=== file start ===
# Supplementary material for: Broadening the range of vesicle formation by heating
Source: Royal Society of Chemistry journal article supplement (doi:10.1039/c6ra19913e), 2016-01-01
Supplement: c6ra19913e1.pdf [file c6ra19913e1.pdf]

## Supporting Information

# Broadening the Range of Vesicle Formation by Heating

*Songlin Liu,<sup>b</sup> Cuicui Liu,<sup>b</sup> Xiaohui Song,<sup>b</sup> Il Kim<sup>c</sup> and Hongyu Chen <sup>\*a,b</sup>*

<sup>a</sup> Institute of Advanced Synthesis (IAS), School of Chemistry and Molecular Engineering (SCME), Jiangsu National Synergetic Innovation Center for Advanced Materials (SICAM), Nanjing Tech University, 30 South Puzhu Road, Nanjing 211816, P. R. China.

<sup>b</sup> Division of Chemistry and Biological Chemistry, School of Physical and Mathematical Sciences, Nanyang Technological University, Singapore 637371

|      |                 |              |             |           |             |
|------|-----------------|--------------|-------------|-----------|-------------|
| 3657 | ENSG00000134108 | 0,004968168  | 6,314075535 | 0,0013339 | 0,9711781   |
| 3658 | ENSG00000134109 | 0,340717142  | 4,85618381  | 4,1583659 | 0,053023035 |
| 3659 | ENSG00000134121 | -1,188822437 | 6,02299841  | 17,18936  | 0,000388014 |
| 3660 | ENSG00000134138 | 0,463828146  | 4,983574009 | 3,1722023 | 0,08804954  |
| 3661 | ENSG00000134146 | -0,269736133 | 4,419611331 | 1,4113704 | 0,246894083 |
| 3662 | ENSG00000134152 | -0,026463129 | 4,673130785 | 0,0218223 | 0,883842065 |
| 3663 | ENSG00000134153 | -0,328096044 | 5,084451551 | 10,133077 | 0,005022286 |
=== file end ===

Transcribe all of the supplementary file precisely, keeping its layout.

# Supplementary material for: Broadening the range of vesicle formation by heating
Source: Royal Society of Chemistry journal article supplement (doi:10.1039/c6ra19913e), 2016-01-01
Supplement: c6ra19913e1.pdf [file c6ra19913e1.pdf]

## Supporting Information

# Broadening the Range of Vesicle Formation by Heating

*Songlin Liu,<sup>b</sup> Cuicui Liu,<sup>b</sup> Xiaohui Song,<sup>b</sup> Il Kim<sup>c</sup> and Hongyu Chen <sup>\*a,b</sup>*

<sup>a</sup> Institute of Advanced Synthesis (IAS), School of Chemistry and Molecular Engineering (SCME), Jiangsu National Synergetic Innovation Center for Advanced Materials (SICAM), Nanjing Tech University, 30 South Puzhu Road, Nanjing 211816, P. R. China.

<sup>b</sup> Division of Chemistry and Biological Chemistry, School of Physical and Mathematical Sciences, Nanyang Technological University, Singapore 637371

|      |                 |              |             |           |             |
|------|-----------------|--------------|-------------|-----------|-------------|
| 3657 | ENSG00000134108 | 0,004968168  | 6,314075535 | 0,0013339 | 0,9711781   |
| 3658 | ENSG00000134109 | 0,340717142  | 4,85618381  | 4,1583659 | 0,053023035 |
| 3659 | ENSG00000134121 | -1,188822437 | 6,02299841  | 17,18936  | 0,000388014 |
| 3660 | ENSG00000134138 | 0,463828146  | 4,983574009 | 3,1722023 | 0,08804954  |
| 3661 | ENSG00000134146 | -0,269736133 | 4,419611331 | 1,4113704 | 0,246894083 |
| 3662 | ENSG00000134152 | -0,026463129 | 4,673130785 | 0,0218223 | 0,883842065 |
| 3663 | ENSG00000134153 | -0,328096044 | 5,084451551 | 10,133077 | 0,005022286 |